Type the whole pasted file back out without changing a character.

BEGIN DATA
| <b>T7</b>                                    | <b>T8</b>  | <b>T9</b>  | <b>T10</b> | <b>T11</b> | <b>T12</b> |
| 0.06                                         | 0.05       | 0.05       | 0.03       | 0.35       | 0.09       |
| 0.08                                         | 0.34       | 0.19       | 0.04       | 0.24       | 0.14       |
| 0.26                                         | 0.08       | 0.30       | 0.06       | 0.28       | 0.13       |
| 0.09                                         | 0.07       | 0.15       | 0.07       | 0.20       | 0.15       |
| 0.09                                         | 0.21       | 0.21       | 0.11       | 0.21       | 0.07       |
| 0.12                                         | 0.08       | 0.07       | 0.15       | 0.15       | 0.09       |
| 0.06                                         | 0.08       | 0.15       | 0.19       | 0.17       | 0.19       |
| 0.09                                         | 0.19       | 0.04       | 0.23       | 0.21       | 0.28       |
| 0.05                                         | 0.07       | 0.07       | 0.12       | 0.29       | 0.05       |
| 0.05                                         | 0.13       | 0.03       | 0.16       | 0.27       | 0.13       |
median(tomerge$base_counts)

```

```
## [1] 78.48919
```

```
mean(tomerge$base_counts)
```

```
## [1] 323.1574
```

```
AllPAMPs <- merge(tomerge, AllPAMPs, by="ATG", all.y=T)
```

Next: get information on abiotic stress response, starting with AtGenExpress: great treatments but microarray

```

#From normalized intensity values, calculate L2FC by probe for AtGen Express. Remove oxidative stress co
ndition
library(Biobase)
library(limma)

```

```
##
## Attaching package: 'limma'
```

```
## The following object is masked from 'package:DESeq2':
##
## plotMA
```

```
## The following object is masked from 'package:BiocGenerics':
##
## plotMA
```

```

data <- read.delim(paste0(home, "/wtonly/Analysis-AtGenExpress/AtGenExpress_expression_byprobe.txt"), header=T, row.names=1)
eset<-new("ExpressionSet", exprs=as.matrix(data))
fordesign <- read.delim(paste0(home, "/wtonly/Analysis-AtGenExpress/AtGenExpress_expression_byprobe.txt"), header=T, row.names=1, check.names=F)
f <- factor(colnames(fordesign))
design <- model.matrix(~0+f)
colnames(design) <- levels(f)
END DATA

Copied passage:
| <b>T7</b>                                    | <b>T8</b>  | <b>T9</b>  | <b>T10</b> | <b>T11</b> | <b>T12</b> |
| 0.06                                         | 0.05       | 0.05       | 0.03       | 0.35       | 0.09       |
| 0.08                                         | 0.34       | 0.19       | 0.04       | 0.24       | 0.14       |
| 0.26                                         | 0.08       | 0.30       | 0.06       | 0.28       | 0.13       |
| 0.09                                         | 0.07       | 0.15       | 0.07       | 0.20       | 0.15       |
| 0.09                                         | 0.21       | 0.21       | 0.11       | 0.21       | 0.07       |
| 0.12                                         | 0.08       | 0.07       | 0.15       | 0.15       | 0.09       |
| 0.06                                         | 0.08       | 0.15       | 0.19       | 0.17       | 0.19       |
| 0.09                                         | 0.19       | 0.04       | 0.23       | 0.21       | 0.28       |
| 0.05                                         | 0.07       | 0.07       | 0.12       | 0.29       | 0.05       |
| 0.05                                         | 0.13       | 0.03       | 0.16       | 0.27       | 0.13       |
median(tomerge$base_counts)

```

```
## [1] 78.48919
```

```
mean(tomerge$base_counts)
```

```
## [1] 323.1574
```

```
AllPAMPs <- merge(tomerge, AllPAMPs, by="ATG", all.y=T)
```

Next: get information on abiotic stress response, starting with AtGenExpress: great treatments but microarray

```

#From normalized intensity values, calculate L2FC by probe for AtGen Express. Remove oxidative stress co
ndition
library(Biobase)
library(limma)

```

```
##
## Attaching package: 'limma'
```

```
## The following object is masked from 'package:DESeq2':
##
## plotMA
```

```
## The following object is masked from 'package:BiocGenerics':
##
## plotMA
```

```

data <- read.delim(paste0(home, "/wtonly/Analysis-AtGenExpress/AtGenExpress_expression_byprobe.txt"), header=T, row.names=1)
eset<-new("ExpressionSet", exprs=as.matrix(data))
fordesign <- read.delim(paste0(home, "/wtonly/Analysis-AtGenExpress/AtGenExpress_expression_byprobe.txt"), header=T, row.names=1, check.names=F)
f <- factor(colnames(fordesign))
design <- model.matrix(~0+f)
colnames(design) <- levels(f)